Anyway, back to the piece itself. It's rather scary......lots of curses and shouts and a single pounding drum that is ever-present. I believe that all of humanity's barbarian actions resulting in war since the beginning of civilization on our planet are fearful. Why curse iron? Did they curse rocks before that? How did tools and knowledge end up as weapons? The writer of the Kalevala text from so long ago was 'spot on' when he recognized that there should be an incantation to preserve the good nature of the creation of iron......although....if it weren't iron, it would be something else. Is the constancy of the drum's return a warning that we, as humanity, cannot escape our need to own, to defeat, to act and even create in aggression?

Without regarding religious texts, who was the first aggressor? Nature or nurture? There is argument on either side of that coin.

Are we surviving our own technological age?  

I have no answer, but this Memorial Day, I encourage myself to examine this, to remember the fallen in mankind's past from time immemorial, and to bear in mind those who have yet to lose their lives....and certainly will, while striving for the principles they and their countries hold true. I will think not just of individuals, but of societies in whole, who lost not only lives, but their very innocent existence under assimilation or eradication as a by-product of progress....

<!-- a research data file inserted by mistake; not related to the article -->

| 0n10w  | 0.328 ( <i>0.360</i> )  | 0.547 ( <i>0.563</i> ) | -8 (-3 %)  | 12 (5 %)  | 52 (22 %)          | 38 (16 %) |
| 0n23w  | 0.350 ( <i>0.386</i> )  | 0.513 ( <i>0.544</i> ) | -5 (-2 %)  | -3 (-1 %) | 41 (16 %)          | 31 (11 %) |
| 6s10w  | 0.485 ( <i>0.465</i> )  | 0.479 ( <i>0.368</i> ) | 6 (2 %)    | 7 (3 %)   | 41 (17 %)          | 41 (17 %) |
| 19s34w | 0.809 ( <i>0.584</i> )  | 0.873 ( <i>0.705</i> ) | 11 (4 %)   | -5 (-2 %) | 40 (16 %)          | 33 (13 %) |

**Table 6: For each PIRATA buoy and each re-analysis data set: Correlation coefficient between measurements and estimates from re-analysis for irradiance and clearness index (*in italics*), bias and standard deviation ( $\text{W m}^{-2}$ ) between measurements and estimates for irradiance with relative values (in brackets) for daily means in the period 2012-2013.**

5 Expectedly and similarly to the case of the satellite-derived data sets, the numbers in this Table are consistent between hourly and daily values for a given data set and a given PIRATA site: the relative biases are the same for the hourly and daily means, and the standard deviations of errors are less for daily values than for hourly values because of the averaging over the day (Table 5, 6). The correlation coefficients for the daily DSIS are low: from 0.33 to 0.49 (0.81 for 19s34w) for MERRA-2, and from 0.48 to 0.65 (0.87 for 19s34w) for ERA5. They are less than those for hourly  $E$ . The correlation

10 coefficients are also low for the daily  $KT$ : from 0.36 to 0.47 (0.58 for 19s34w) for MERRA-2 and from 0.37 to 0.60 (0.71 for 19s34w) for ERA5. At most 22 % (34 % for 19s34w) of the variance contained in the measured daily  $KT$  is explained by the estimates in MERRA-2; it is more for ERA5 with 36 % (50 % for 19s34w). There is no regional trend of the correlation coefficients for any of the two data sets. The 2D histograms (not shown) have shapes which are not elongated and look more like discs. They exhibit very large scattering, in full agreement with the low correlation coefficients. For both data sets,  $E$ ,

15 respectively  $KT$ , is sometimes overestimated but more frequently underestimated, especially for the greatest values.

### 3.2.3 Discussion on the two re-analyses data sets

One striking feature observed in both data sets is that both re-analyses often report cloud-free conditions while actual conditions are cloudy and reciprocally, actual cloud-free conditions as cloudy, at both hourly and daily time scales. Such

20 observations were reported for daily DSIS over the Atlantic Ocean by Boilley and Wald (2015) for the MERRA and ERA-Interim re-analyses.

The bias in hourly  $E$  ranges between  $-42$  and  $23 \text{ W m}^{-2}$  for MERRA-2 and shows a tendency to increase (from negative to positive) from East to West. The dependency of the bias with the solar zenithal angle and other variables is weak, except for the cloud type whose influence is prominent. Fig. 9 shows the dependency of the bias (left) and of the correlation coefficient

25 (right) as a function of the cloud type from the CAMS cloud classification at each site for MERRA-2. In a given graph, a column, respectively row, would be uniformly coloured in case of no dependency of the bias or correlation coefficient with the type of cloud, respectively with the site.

Raua Needmine  by Veljo Tormis, arranged by Tauno Aints, published by FennicaGerman
From new CD "From the Baltic Coast", State Choir of Latvija, conductor Māris Sirmais More

Ohoy, villain! Wretched iron!
Wretched iron! Cursed bog ore!
... You flesh-eater, Gnaver of bones!
You spiller of innocent blood!
Wicked, how did you get power?
Tell how you become so naughty!
Damn you, bastard! Wretched iron!
I know your birth, you purblind fool,
I know well your source, you evil!

Once there walked three nature spirits,
three fiery daughters of the sky.
They milked their swelling breasts to earth,
They squeezed their milk into the fens.

From the first maid spurted black milk,
this turned into soft wrought iron.
White milk squirted the second maid,
this was the source of tempered steel.
The third maid spouted blood-red milk,
This gave birth to bog iron ore.

I know your birth, you purblind fool,
I know well your source, you evil!
Then you were not high and mighty,
not yet mighty, not yet haughty,
when you moaned in the white-hot furnace,
Whined under baeting hammers.

Saliva was brought from a viper,
venom from a black snake!
For iron wouldn’t harbor evil
Without saliva from snakes.

Shelter us, supreme Creator!
Keep us safe, God Almighty!
So the mankind would not perish,
mother’s child vanish without trace.

This link has another textual version and more of the story of iron and other metals.

and here is the entire epic, translated by John Martin Crawford, 1888